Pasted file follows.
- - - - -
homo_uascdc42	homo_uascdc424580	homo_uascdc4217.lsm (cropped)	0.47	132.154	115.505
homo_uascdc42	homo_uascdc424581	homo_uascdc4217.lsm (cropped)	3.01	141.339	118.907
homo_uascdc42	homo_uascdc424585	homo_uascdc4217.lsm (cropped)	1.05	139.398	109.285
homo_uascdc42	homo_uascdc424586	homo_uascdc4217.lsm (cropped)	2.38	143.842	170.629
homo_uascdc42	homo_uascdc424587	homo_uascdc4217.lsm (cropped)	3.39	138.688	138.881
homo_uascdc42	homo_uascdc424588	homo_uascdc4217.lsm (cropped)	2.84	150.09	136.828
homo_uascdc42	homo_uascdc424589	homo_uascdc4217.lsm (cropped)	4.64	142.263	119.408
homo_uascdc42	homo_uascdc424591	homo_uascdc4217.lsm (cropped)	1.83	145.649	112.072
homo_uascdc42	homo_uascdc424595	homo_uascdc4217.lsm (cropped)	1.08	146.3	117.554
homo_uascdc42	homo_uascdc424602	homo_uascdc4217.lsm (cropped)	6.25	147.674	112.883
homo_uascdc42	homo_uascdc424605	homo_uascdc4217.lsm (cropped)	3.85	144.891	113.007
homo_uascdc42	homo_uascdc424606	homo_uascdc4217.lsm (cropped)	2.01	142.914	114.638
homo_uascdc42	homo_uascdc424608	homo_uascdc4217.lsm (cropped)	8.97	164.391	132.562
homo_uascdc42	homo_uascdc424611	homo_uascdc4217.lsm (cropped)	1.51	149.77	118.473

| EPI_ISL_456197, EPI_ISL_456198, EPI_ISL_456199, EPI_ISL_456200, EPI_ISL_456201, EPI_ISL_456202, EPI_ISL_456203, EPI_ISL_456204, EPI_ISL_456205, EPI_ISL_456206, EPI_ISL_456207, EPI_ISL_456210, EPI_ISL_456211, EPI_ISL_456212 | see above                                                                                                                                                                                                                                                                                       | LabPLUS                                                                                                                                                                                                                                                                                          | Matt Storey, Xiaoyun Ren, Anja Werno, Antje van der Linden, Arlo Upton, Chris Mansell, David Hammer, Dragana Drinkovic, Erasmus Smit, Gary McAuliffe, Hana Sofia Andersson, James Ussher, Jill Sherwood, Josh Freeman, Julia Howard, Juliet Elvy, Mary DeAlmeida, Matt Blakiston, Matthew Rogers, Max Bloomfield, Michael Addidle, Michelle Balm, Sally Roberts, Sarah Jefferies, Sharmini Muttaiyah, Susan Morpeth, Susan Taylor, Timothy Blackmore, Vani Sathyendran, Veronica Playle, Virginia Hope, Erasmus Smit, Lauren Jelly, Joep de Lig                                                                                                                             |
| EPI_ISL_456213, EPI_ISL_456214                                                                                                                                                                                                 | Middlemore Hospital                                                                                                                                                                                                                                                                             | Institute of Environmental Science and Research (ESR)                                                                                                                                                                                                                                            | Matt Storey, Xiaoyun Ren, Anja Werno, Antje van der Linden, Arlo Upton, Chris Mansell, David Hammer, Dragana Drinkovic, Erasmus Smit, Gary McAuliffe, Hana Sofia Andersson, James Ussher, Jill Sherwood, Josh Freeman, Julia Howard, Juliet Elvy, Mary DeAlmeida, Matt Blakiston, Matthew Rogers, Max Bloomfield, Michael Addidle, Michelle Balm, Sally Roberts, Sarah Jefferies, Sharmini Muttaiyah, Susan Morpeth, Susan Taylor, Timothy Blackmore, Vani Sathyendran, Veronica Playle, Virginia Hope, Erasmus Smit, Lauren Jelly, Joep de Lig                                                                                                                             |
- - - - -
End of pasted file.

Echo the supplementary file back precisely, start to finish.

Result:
homo_uascdc42	homo_uascdc424580	homo_uascdc4217.lsm (cropped)	0.47	132.154	115.505
homo_uascdc42	homo_uascdc424581	homo_uascdc4217.lsm (cropped)	3.01	141.339	118.907
homo_uascdc42	homo_uascdc424585	homo_uascdc4217.lsm (cropped)	1.05	139.398	109.285
homo_uascdc42	homo_uascdc424586	homo_uascdc4217.lsm (cropped)	2.38	143.842	170.629
homo_uascdc42	homo_uascdc424587	homo_uascdc4217.lsm (cropped)	3.39	138.688	138.881
homo_uascdc42	homo_uascdc424588	homo_uascdc4217.lsm (cropped)	2.84	150.09	136.828
homo_uascdc42	homo_uascdc424589	homo_uascdc4217.lsm (cropped)	4.64	142.263	119.408
homo_uascdc42	homo_uascdc424591	homo_uascdc4217.lsm (cropped)	1.83	145.649	112.072
homo_uascdc42	homo_uascdc424595	homo_uascdc4217.lsm (cropped)	1.08	146.3	117.554
homo_uascdc42	homo_uascdc424602	homo_uascdc4217.lsm (cropped)	6.25	147.674	112.883
homo_uascdc42	homo_uascdc424605	homo_uascdc4217.lsm (cropped)	3.85	144.891	113.007
homo_uascdc42	homo_uascdc424606	homo_uascdc4217.lsm (cropped)	2.01	142.914	114.638
homo_uascdc42	homo_uascdc424608	homo_uascdc4217.lsm (cropped)	8.97	164.391	132.562
homo_uascdc42	homo_uascdc424611	homo_uascdc4217.lsm (cropped)	1.51	149.77	118.473

| EPI_ISL_456197, EPI_ISL_456198, EPI_ISL_456199, EPI_ISL_456200, EPI_ISL_456201, EPI_ISL_456202, EPI_ISL_456203, EPI_ISL_456204, EPI_ISL_456205, EPI_ISL_456206, EPI_ISL_456207, EPI_ISL_456210, EPI_ISL_456211, EPI_ISL_456212 | see above                                                                                                                                                                                                                                                                                       | LabPLUS                                                                                                                                                                                                                                                                                          | Matt Storey, Xiaoyun Ren, Anja Werno, Antje van der Linden, Arlo Upton, Chris Mansell, David Hammer, Dragana Drinkovic, Erasmus Smit, Gary McAuliffe, Hana Sofia Andersson, James Ussher, Jill Sherwood, Josh Freeman, Julia Howard, Juliet Elvy, Mary DeAlmeida, Matt Blakiston, Matthew Rogers, Max Bloomfield, Michael Addidle, Michelle Balm, Sally Roberts, Sarah Jefferies, Sharmini Muttaiyah, Susan Morpeth, Susan Taylor, Timothy Blackmore, Vani Sathyendran, Veronica Playle, Virginia Hope, Erasmus Smit, Lauren Jelly, Joep de Lig                                                                                                                             |
| EPI_ISL_456213, EPI_ISL_456214                                                                                                                                                                                                 | Middlemore Hospital                                                                                                                                                                                                                                                                             | Institute of Environmental Science and Research (ESR)                                                                                                                                                                                                                                            | Matt Storey, Xiaoyun Ren, Anja Werno, Antje van der Linden, Arlo Upton, Chris Mansell, David Hammer, Dragana Drinkovic, Erasmus Smit, Gary McAuliffe, Hana Sofia Andersson, James Ussher, Jill Sherwood, Josh Freeman, Julia Howard, Juliet Elvy, Mary DeAlmeida, Matt Blakiston, Matthew Rogers, Max Bloomfield, Michael Addidle, Michelle Balm, Sally Roberts, Sarah Jefferies, Sharmini Muttaiyah, Susan Morpeth, Susan Taylor, Timothy Blackmore, Vani Sathyendran, Veronica Playle, Virginia Hope, Erasmus Smit, Lauren Jelly, Joep de Lig                                                                                                                             |